Mike Fitzpatrick ‘09 learned a thing or two about tenacity and perseverance during his 21-year pursuit of a Linfield degree. Juggling demands of career and family, he took breaks in his schooling along the way, but always returned to Linfield to continue his education. Fitzpatrick took his final class over the summer, and earned a bachelor of science degree in the social and behavioral sciences, with concentrations in human resource management and sociology.
“I took classes off and on — more off than on,” he said with a laugh. “I continued because it was something I had started and I wanted to finish. I recognized that in business and in life, the degree was critical.”
Fitzpatrick began taking Linfield classes in 1988 at Lower Columbia College in Longview, Wash., through the Division of Continuing Education, just three miles down the road from his rural home in Silverlake. “If you blink, you’ve missed it,” said Fitzpatrick of the small community where he lives with his wife, his golden retriever, a couple of cats and various deer and elk on eight wooded acres.
He continued his education while building a 25-year career at the Longview Fibre manufacturing plant, commuting to evening and weekend classes in Longview, Portland, McMinnville and Astoria. School took a backseat in the mid-90s when he took a promotion within the company. Those years were spent absorbed in another sort of education as he learned the manufacturing and operations process. In 2000, he was appointed director of human resource management, supervising a staff of seven and a department of 35 employees, and dealing with a myriad of labor and management issues. Last year, Fitzpatrick established Fitzpatrick and Associates Inc., a human resource and labor relations consulting business. Thanks to his Linfield education, he had completed a variety of HR management courses, and had many years of hands-on experience in the field.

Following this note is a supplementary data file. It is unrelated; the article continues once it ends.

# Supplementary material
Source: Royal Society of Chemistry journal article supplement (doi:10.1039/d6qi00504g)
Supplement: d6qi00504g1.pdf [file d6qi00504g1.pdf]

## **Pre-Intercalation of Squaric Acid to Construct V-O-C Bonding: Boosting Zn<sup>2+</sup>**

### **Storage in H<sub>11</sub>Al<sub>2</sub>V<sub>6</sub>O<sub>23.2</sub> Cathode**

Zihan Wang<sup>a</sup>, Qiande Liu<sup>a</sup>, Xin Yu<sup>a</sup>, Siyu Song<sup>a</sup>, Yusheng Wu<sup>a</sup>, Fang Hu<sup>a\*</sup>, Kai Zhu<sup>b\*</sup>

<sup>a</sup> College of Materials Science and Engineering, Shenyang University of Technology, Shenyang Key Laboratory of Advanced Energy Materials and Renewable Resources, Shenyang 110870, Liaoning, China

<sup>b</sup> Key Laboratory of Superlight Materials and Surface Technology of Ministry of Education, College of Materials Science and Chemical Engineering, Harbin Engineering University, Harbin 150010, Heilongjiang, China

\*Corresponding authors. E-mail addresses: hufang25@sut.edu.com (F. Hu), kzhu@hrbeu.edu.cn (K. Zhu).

After many years of balancing work, school and family, Fitzpatrick was thrilled when Linfield began offering online classes in 2000. The flexibility meant that he would be able to complete his degree and graduate. “When the internet came along, it was great for me because of where I live. There was no travel time involved, and I could plan the syllabus around my schedule. Plus, the chat sessions and online discussions made it a very robust system.”
Fitzpatrick began “the big push” to finish his degree three years ago. He wrote his senior research thesis focusing on the labor movement in the U.S. and his work was selected to be bound and included in the Linfield library.
Fitzpatrick said his Linfield education has expanded more than just his practical knowledge of the social sciences.
“It has helped me appreciate the world we live in,” he said. “I have a better understanding of the environment and what our roles ought to be to make the world a better place.”
Fitzpatrick exemplifies many of the qualities that distinguish a Linfield graduate, according to Kate Bemis, dean of Linfield’s Division of Continuing Education. “His story is remarkable in many ways, but at the same time, so characteristic of the dedication we see in the DCE students,” she said.
His advice to others? “Get your degree sooner rather than later. It’s a basic requirement and expectation that people in business and professional life have. It’s been a great experience. I encourage people to never give up.”